BEING A HERO 1. What is the attention getter of the speech? When I was a kid, my favorite super hero was Superman. The main reason why I like Superman is because he helps people no matter what. 2. What was the full thesis statement of the speech? Today I will tell you a little bit about how we define what a hero is, what it takes to be a hero, and what you and I could do to help rekindle the effects of heroism. 3. What were the main points of the speech in order? The main points were that reviving and advocating acts and traits of heroism can better society and that being a hero does not necessarily always mean one has to risk his/her life, but the act of helping others without self-interest itself, can be a heroic. 4. What kind of visual aid(s) did the speaker use? Were they effective? The speaker used a superhero costume as visual aid, an excellent example and exaggeration of what a hero is. Along with his visual aid, he mentioned “Superman” as his favorite superhero, which effectively would make a connection with the audience, since Superman is such a popular icon. 5. Describe the information that your speaker introduced from one of their outside sources. Share the information that the speaker provided about the location of the outside source. The speaker introduced the definition of a hero from www. answer.com. The location of this source is on the internet. 6. How did the speaker provide closure in his/her speech?
Macbeth: Hero or Monster?
An “archetype” is considered to be the original on which many other ideals are based. For example, we have archetypal heroes that often come from ancient mythology. Of course, it isn’t just contemporary society that influences a writer. In fact, one of the major influences on almost all literature is mythology. There are many mythologies, but most are known for having archetypes that many writers will base their own heroes or characters on. If you look at religious writings, literature, movies, and speeches, you will see a lot of influence from archetypal models.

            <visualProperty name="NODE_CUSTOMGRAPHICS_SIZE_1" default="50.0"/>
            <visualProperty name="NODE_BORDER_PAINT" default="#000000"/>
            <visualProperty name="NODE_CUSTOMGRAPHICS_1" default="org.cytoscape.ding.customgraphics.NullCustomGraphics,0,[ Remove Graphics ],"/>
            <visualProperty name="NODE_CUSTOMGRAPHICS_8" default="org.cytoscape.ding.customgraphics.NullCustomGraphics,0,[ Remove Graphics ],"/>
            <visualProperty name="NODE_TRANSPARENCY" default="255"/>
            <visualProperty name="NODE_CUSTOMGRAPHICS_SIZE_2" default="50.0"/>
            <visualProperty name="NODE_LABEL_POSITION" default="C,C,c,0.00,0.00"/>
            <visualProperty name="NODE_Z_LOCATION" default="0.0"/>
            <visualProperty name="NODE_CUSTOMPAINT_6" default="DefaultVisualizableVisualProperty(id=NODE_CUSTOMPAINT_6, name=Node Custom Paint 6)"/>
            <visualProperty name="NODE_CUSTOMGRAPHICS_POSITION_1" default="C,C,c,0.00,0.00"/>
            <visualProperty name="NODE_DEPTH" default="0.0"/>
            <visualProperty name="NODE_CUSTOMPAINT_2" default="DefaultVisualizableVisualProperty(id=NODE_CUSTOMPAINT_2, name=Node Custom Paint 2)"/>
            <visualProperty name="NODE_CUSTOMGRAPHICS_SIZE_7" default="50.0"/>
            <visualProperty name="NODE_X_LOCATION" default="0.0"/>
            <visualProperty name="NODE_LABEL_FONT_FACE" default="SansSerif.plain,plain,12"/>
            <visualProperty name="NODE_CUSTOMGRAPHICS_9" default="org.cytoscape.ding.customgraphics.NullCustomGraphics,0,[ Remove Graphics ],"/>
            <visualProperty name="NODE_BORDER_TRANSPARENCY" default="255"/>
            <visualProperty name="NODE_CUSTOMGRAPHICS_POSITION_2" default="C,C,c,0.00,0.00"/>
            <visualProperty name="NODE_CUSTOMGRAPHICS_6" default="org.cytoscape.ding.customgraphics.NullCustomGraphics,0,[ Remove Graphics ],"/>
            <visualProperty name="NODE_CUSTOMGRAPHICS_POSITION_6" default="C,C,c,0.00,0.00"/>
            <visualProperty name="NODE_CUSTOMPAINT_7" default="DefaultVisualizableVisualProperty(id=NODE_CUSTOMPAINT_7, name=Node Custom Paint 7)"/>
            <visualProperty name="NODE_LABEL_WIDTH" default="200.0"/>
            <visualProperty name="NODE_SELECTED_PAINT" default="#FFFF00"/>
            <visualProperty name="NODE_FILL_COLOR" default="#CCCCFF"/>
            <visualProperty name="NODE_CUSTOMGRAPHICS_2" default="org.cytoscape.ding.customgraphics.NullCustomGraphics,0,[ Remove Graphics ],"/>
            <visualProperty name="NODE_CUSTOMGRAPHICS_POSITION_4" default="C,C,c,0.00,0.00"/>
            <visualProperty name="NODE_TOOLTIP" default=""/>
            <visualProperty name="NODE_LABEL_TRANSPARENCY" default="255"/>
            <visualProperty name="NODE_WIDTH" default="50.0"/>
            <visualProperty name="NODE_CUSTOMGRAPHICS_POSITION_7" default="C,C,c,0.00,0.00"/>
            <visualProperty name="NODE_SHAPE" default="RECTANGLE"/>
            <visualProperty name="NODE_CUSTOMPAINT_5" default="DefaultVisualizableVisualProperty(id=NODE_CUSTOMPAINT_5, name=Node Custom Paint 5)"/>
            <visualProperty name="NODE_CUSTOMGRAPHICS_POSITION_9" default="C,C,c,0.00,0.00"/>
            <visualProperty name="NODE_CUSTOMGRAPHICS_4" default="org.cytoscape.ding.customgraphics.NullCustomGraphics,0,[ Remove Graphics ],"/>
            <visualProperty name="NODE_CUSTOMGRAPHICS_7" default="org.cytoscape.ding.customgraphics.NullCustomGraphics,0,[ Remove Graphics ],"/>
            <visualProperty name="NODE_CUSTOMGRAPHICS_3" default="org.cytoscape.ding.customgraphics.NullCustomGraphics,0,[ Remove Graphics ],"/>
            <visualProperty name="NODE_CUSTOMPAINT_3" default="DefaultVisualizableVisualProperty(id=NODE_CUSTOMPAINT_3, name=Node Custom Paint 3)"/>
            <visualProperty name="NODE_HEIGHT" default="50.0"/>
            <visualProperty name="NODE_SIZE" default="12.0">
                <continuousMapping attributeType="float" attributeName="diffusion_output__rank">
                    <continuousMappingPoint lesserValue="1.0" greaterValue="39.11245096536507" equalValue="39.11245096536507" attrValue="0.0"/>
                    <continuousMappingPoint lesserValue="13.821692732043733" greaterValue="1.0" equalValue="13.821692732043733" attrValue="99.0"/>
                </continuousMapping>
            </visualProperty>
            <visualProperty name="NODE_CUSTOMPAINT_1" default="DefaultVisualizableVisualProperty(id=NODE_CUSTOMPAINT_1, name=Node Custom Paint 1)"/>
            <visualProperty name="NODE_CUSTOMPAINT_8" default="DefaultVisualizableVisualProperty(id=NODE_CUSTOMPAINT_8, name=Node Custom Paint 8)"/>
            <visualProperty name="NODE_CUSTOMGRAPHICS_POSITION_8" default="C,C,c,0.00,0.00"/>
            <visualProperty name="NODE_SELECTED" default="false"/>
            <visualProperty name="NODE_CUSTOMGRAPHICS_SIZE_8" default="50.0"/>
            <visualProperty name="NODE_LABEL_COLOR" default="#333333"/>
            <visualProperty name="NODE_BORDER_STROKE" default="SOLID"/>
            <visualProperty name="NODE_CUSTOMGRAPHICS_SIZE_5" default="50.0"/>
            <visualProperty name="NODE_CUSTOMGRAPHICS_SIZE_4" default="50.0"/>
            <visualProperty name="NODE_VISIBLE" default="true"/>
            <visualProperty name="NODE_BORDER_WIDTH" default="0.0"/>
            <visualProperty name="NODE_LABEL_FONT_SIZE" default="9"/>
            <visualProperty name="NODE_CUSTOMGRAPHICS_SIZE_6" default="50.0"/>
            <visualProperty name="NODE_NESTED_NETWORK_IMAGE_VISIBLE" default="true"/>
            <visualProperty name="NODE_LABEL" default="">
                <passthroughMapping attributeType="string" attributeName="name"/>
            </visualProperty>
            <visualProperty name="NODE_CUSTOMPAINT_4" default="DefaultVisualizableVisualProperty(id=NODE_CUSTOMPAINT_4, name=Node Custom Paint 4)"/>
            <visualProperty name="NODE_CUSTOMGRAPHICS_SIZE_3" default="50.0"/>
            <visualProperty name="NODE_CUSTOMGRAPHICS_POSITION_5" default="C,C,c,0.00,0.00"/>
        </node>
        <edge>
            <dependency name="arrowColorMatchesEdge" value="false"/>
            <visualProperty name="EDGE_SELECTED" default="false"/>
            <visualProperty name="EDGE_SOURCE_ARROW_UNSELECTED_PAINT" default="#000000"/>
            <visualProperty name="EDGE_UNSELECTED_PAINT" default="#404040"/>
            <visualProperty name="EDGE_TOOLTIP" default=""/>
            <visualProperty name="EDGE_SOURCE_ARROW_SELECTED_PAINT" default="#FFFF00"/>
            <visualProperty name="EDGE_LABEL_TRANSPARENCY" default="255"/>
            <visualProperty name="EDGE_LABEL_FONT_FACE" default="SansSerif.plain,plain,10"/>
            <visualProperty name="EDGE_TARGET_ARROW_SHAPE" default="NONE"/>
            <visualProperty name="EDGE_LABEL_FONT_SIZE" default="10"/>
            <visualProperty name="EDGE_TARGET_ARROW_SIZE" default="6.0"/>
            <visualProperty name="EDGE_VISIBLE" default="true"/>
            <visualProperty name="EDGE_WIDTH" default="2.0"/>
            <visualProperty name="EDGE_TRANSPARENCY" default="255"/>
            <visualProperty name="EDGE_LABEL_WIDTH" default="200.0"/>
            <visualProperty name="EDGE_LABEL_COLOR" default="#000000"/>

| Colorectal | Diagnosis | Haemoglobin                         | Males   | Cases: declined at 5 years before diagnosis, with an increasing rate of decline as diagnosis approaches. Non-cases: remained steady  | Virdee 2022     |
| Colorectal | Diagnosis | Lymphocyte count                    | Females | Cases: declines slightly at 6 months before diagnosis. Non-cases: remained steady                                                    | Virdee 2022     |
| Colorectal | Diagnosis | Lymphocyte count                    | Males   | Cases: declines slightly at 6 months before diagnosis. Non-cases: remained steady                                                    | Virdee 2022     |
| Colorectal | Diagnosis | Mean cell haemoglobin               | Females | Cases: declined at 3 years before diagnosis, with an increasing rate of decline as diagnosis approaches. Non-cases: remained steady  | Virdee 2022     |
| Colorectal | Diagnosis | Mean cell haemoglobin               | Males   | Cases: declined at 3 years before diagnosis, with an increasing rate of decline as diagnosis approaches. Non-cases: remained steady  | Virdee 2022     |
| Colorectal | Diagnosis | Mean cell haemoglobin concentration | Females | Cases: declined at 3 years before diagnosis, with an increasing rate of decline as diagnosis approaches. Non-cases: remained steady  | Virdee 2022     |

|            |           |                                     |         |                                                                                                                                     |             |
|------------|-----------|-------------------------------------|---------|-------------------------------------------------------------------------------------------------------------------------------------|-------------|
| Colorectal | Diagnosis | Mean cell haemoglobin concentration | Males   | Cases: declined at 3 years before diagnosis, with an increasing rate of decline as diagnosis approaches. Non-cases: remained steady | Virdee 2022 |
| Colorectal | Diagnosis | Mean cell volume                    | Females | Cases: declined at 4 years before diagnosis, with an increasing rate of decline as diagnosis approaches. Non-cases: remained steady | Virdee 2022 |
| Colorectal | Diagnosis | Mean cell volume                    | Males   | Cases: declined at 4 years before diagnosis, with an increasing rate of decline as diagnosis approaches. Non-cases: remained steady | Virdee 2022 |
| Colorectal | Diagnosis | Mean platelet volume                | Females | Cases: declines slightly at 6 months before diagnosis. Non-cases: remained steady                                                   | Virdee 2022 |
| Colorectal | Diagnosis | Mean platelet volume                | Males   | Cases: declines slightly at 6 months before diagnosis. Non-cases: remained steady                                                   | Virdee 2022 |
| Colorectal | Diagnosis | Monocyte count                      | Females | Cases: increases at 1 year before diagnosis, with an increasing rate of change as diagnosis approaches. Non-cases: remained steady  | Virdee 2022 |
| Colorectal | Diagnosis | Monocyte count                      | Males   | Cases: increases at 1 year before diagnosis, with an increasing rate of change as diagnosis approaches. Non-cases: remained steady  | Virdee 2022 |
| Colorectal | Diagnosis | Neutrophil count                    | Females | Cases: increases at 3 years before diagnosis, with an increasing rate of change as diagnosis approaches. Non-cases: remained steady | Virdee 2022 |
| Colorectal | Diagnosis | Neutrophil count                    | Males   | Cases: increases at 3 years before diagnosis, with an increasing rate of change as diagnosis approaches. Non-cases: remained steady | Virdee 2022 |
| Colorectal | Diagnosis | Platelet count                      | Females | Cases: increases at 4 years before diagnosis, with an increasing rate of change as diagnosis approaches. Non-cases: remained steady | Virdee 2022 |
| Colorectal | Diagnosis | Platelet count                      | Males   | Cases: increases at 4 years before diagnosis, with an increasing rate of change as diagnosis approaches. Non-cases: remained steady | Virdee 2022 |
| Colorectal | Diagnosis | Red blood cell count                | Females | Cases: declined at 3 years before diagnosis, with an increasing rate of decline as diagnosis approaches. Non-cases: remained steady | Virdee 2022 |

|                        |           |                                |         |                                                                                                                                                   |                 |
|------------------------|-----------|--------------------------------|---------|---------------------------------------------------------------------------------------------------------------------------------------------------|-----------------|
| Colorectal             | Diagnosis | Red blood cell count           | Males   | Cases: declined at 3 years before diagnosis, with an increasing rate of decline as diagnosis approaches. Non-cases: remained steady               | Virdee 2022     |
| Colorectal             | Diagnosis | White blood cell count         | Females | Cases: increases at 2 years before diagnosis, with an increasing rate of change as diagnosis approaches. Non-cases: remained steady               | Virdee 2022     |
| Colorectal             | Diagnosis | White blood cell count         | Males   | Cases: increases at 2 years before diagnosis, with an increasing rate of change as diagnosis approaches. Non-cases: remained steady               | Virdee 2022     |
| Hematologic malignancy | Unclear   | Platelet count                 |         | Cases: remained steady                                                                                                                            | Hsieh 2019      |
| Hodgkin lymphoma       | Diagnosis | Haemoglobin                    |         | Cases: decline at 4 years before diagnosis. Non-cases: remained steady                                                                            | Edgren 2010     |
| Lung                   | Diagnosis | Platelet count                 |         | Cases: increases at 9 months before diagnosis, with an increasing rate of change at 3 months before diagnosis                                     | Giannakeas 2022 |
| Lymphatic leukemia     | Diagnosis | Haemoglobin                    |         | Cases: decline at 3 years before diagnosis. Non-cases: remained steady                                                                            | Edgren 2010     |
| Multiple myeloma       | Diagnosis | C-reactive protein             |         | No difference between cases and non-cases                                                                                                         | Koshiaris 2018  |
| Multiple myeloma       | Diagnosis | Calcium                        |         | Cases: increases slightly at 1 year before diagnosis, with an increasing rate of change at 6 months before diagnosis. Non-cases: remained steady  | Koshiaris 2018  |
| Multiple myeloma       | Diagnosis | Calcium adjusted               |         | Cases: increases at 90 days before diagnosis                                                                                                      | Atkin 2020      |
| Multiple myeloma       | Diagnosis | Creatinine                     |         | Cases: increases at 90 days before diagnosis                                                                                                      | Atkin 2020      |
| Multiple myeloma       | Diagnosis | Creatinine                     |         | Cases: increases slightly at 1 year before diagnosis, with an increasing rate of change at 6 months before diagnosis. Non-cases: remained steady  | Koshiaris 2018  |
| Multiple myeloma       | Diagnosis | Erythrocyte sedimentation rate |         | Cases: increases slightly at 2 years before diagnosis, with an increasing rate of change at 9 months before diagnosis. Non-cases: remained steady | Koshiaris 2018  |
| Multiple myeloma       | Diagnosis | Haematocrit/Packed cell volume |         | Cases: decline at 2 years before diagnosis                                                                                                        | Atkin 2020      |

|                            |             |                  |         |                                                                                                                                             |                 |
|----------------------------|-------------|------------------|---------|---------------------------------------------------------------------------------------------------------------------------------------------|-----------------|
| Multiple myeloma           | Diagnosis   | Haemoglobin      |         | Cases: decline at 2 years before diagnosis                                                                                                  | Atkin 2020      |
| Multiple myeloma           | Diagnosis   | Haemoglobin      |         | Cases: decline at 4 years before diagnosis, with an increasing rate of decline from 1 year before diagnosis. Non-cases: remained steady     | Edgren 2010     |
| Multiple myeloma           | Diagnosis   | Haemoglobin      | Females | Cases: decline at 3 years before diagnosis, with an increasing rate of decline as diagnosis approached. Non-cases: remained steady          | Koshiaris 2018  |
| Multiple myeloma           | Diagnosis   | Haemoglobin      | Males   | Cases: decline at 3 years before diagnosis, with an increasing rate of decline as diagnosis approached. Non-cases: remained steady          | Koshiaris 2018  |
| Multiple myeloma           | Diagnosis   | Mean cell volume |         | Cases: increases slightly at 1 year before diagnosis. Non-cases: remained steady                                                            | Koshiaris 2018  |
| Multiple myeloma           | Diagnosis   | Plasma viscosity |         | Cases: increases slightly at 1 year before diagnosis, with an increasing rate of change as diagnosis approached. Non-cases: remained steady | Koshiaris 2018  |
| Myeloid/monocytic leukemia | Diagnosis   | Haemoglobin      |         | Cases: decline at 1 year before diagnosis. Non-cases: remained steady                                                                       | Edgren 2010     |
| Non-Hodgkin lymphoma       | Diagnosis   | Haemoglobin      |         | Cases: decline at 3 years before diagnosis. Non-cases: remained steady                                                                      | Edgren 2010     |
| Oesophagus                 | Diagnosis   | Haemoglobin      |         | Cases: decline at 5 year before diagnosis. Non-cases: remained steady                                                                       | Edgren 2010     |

One of the most familiar archetypes in storylines is “banishment from an ideal world.” We see this as the very first story in the Bible and in many ancient mythologies. We can easily use this archetype to begin an analysis of Shakespeare’s tragic play Macbeth. In it, the character of Macbeth is told of his future as a king of Scotland, and this begins a chain of events that leads to the tragic outcome. In the play, greed ultimately destroys Macbeth’s potentially bright future, and he and his wife are banished from what may have been a glorious life. Time and again, an analysis could demonstrate each of the “wrong turns” Macbeth and his wife made and compare this to the ignored warnings inherent in most of the archetypal stories of banishment from an idealized world.
MacBeth is a character that can be seen as a tragic hero. His downfall was contributed to by the fact that witches told him his prophecy. Lady MacBeth manipulated him and held strong influence over his judgment. In addition to that, his ambition and strong desire to become king leads to his fall. His character starts to decline from that of someone once seen as a noble person to that of a violent man. He becomes a monster because he is victimized by the witches, manipulated by his wife, and brought down by in ambition.
He seems to be the evil villain when he kills his best friend in order to be king, and yet he feels incredible guilt for the acts that he has committed, something that a real monster would not feel. Regardless of his actions, he retains a guilty conscience which continues to taunt him until his death. This guilty conscience is something that follows him from the start of the play, when his first murder is committed, until he ends up a man with twisted morals and twisted faith.